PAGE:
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Official: Bush approved raids into Pakistan

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  • NEW: Pakistani ambassador: U.S. assured us no such order exists
  • Source: Classified order lets military determine when Pakistan raids needed
  • Pakistanis not notified until during or after operations, source says
  • U.S. forces last week raided compound in South Waziristan, Pakistan
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From Kelli Arena and Brian Todd
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WASHINGTON (CNN) -- President Bush authorized U.S. special forces to conduct ground assaults inside Pakistan without seeking Islamabad's permission first, a senior American intelligence official said Thursday.

Adm. Mike Mullen, chairman of the Joint Chiefs, said better U.S.-Pakistan cooperation is needed to fight terror.

"We have had the president's OK for months," said the official, who declined to be identified because the order is classified. "It is my understanding that the Pakistanis are well aware of the change."

The official would not elaborate on the exact nature of the order.

The official said Pakistan's leaders will be notified during an assault or after the fact, depending on the situation but "most definitely after a decision has been made and things set in motion."

National Security Council spokesman Gordon Johndroe declined to comment on the report.

Pakistan's ambassador to the United States said he had been "assured at the highest level by the U.S. government that no such orders exist," and that Pakistan would be very displeased if they did.

"We will not allow foreign troops on Pakistani soil under any condition," Ambassador Husain Haqqani said.

The United States is concerned that Taliban and al Qaeda forces operate with relative impunity in tribal areas along Pakistan's border with Afghanistan, and use those areas as a staging ground to attack U.S. forces and their allies inside Afghanistan.

The intelligence official's revelation comes after what Pakistan said was a September 3 incursion by U.S. forces into the country. A senior U.S. official said last week that U.S. helicopters dropped troops in the village of Angoor Adda in South Waziristan, which borders Afghanistan. Video Watch a report on new rules of engagement for hunting terrorists »

Local media reports said the troops came out of a chopper and fired on civilians. The U.S. official who spoke about the operation said a small number of women and children may have been in the immediate vicinity, but when the mission began, "everybody came out firing" from the compound.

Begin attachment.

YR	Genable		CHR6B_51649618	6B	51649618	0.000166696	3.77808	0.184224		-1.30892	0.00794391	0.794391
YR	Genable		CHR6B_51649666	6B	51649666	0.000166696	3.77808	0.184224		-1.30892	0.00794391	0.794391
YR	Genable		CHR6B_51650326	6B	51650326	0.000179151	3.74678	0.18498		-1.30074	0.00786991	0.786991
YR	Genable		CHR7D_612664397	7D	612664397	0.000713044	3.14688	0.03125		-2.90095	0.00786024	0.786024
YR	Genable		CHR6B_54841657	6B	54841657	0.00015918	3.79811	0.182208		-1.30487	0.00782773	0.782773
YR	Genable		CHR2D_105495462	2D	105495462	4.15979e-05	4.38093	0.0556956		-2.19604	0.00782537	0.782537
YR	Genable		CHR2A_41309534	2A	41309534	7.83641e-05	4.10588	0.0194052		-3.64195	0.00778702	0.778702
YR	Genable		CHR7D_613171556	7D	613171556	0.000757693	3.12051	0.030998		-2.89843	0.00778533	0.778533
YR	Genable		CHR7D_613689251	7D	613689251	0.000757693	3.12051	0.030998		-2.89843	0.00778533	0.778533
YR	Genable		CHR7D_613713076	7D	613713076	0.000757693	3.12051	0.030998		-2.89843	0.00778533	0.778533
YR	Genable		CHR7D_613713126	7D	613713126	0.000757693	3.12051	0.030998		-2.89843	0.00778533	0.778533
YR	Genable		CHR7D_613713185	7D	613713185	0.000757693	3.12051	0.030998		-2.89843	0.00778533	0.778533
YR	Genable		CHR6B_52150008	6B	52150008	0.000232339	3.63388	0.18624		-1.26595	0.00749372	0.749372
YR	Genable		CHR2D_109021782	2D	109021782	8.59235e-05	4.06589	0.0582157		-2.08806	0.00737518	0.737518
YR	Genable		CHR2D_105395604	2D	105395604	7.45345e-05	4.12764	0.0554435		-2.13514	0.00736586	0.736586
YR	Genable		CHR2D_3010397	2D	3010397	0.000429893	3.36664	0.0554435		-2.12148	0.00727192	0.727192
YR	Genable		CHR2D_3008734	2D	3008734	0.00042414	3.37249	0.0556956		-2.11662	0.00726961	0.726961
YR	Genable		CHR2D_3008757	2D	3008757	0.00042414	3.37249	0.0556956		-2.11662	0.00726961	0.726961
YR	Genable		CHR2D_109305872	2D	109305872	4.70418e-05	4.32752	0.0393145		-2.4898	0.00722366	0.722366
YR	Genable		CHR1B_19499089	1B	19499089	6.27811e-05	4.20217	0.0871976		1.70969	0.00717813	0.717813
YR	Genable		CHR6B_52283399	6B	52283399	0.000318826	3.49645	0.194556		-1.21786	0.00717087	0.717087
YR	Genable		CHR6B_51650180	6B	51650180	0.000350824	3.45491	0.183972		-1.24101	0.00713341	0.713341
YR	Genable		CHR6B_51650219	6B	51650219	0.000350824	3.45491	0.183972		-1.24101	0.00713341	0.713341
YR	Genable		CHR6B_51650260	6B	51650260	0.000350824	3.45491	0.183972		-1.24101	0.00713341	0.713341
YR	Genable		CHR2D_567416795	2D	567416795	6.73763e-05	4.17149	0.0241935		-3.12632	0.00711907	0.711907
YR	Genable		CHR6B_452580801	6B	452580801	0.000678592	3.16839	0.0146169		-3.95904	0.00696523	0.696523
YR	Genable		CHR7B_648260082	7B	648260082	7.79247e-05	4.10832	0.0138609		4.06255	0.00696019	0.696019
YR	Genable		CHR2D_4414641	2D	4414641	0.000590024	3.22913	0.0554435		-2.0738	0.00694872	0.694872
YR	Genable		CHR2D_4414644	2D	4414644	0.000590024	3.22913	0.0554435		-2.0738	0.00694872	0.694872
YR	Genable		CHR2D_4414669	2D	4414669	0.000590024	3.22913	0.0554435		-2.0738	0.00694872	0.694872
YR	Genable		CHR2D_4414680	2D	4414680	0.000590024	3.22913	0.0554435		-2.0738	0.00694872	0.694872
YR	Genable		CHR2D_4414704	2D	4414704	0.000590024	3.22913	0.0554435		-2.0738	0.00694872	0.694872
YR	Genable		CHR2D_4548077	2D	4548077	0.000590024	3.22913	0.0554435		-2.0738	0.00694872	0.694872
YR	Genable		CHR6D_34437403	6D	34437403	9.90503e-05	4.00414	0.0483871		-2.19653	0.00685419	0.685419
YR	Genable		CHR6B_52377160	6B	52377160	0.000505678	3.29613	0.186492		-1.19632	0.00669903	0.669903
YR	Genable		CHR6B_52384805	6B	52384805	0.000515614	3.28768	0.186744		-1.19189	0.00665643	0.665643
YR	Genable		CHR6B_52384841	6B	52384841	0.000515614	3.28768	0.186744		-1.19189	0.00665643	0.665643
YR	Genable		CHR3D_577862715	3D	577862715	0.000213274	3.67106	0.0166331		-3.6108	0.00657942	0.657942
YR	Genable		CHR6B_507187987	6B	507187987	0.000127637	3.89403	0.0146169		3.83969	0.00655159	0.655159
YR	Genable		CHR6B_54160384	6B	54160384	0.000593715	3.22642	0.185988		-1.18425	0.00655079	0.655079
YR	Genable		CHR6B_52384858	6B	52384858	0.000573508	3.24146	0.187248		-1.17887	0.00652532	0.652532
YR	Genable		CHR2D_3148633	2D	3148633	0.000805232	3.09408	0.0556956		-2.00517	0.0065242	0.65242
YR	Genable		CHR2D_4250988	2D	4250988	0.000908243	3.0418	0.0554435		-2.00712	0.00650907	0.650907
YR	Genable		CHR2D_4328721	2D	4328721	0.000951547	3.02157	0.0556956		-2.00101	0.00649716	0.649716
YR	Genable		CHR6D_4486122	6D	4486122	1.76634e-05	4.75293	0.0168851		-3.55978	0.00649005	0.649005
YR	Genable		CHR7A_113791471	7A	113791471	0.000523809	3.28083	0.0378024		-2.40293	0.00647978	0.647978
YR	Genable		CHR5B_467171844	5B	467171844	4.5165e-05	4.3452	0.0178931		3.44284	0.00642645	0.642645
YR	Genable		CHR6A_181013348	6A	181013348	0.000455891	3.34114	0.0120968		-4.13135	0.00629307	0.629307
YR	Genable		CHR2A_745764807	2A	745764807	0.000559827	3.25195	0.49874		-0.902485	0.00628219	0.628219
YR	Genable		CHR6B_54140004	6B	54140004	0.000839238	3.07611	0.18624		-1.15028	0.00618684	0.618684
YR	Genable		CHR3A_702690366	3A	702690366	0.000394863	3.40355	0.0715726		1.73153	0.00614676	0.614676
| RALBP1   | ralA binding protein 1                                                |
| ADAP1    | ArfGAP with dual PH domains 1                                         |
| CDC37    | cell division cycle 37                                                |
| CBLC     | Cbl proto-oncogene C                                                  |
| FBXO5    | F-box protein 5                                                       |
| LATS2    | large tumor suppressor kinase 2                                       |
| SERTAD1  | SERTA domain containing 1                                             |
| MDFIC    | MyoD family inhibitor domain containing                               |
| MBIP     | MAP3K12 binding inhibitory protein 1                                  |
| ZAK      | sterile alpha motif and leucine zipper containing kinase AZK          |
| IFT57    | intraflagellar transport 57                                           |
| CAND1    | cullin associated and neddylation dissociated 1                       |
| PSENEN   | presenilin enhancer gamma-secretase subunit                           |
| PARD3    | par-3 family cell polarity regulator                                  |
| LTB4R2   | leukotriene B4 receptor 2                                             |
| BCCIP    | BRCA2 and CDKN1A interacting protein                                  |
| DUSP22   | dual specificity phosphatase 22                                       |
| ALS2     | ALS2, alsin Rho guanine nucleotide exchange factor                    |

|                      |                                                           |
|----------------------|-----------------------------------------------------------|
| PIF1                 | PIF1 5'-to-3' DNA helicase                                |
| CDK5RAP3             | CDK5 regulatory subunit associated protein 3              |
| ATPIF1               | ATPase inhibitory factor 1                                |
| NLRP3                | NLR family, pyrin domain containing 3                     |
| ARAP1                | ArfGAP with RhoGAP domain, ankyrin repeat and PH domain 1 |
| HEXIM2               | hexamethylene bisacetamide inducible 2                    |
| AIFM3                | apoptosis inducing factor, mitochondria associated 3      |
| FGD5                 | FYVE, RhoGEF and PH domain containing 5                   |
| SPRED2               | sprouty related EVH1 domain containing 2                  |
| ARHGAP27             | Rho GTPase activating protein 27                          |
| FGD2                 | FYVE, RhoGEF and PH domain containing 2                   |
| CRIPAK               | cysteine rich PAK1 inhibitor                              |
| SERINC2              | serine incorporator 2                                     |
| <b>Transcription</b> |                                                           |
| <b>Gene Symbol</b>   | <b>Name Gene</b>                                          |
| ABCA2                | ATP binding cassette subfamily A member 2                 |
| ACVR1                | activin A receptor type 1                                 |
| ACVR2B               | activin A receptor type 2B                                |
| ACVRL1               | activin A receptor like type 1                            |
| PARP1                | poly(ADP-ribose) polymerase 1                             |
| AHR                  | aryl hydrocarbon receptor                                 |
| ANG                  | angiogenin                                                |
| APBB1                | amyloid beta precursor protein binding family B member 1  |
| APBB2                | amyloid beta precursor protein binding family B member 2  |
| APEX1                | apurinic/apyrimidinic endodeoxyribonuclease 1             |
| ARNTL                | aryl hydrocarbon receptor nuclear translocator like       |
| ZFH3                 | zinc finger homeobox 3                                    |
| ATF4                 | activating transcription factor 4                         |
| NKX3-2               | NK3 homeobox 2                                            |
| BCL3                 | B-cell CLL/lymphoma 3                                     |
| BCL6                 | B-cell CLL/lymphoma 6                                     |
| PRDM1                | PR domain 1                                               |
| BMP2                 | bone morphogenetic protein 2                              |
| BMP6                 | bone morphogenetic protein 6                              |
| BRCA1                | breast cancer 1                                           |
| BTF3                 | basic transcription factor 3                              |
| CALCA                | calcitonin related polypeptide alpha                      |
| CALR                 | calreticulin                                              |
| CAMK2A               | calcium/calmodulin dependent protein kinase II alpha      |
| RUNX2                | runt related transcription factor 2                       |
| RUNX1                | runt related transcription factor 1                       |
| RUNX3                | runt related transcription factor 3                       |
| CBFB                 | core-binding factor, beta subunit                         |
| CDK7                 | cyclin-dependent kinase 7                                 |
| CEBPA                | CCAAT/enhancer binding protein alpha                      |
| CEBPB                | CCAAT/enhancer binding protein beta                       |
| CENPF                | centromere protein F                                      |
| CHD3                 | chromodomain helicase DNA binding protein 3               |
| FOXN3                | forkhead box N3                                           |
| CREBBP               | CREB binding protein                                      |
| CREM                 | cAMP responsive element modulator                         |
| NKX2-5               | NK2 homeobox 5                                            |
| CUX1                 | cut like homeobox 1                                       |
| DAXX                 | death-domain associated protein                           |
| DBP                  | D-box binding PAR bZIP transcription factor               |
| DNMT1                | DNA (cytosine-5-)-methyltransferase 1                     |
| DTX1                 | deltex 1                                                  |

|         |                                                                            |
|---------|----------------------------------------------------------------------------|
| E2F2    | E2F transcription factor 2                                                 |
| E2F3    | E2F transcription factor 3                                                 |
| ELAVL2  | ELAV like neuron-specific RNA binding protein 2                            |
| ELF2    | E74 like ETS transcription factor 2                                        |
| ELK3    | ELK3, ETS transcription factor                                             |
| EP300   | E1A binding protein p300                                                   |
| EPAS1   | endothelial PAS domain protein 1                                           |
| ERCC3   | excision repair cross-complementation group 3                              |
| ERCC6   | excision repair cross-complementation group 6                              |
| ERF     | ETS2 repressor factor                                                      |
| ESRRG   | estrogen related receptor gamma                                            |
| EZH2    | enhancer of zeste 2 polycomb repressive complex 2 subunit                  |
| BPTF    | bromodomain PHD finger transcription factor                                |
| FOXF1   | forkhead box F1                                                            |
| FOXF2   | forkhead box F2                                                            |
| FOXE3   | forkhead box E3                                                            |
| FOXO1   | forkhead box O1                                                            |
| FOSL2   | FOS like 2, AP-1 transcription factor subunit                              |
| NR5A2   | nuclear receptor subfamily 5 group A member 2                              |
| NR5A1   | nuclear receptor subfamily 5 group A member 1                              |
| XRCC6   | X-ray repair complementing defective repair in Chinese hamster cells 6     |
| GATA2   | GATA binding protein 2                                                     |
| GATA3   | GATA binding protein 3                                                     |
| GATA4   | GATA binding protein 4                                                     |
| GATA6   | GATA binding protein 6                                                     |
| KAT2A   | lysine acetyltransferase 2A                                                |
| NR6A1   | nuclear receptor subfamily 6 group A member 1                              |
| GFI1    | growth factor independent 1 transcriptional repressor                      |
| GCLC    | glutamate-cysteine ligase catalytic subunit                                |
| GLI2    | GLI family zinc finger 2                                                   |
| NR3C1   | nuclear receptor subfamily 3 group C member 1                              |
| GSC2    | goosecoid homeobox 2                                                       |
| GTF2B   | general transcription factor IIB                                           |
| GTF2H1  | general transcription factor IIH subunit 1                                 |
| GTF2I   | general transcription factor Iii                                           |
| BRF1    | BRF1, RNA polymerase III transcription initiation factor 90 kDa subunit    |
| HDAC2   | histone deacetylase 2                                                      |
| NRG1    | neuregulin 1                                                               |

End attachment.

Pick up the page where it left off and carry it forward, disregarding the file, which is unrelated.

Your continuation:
Pakistan summoned the U.S. ambassador in Islamabad to complain about the incident, which it said killed 15 civilians. It called the raid "reckless."

Haqqani on Thursday insisted Pakistan would handle security within its borders.

"We have been assured that the United States ... fully understands that the most effective means of fighting terrorism would be to allow Pakistani military forces to operate on the Pakistani side, while letting international forces and Afghan forces operate on the Afghan side," he said.

Haqqani said unauthorized U.S. operations inside Pakistan would only harm relations between the two countries and added that the September 3 incursion was counterproductive.

"The kind of operation that we saw on the third of September is certainly not acceptable to the Pakistani people or the Pakistani government, and it does not advance the cause of the war against terror. It enrages the people of Pakistan," he said.

On Wednesday, Pakistan's top general, reacting to the September 3 operation, also said no foreign forces would be allowed to conduct operations there.

Pakistan's "territorial integrity ... will be defended at all cost and no external force is allowed to conduct operations ... inside Pakistan," according to a military statement attributed to Chief of Army Staff Gen. Parvez Kayani, who succeeded Pervez Musharraf after he stepped down as Pakistan's army chief last year.

Adm. Mike Mullen, chairman of the Joint Chiefs of Staff, said Wednesday that the United States and Pakistan must increase cooperation to battle al Qaeda and Taliban militants that are using areas along Pakistan's border with Afghanistan as a safe haven.


Mullen stressed that Afghanistan can't be referenced without "speaking of Pakistan," where, he said, the militant groups collaborate and communicate better, launch more sophisticated attacks, employ foreign fighters and use civilians as human shields. Video Watch how Pakistan is trying to fight militants »

"In my view, these two nations are inextricably linked in a common insurgency that crosses the border between them," he said, adding that he plans "to commission a new, more comprehensive strategy for the region, one that covers both sides of the border."

CNN's Nic Robertson, Barbara Starr and Brianna Keilar contributed to this report.

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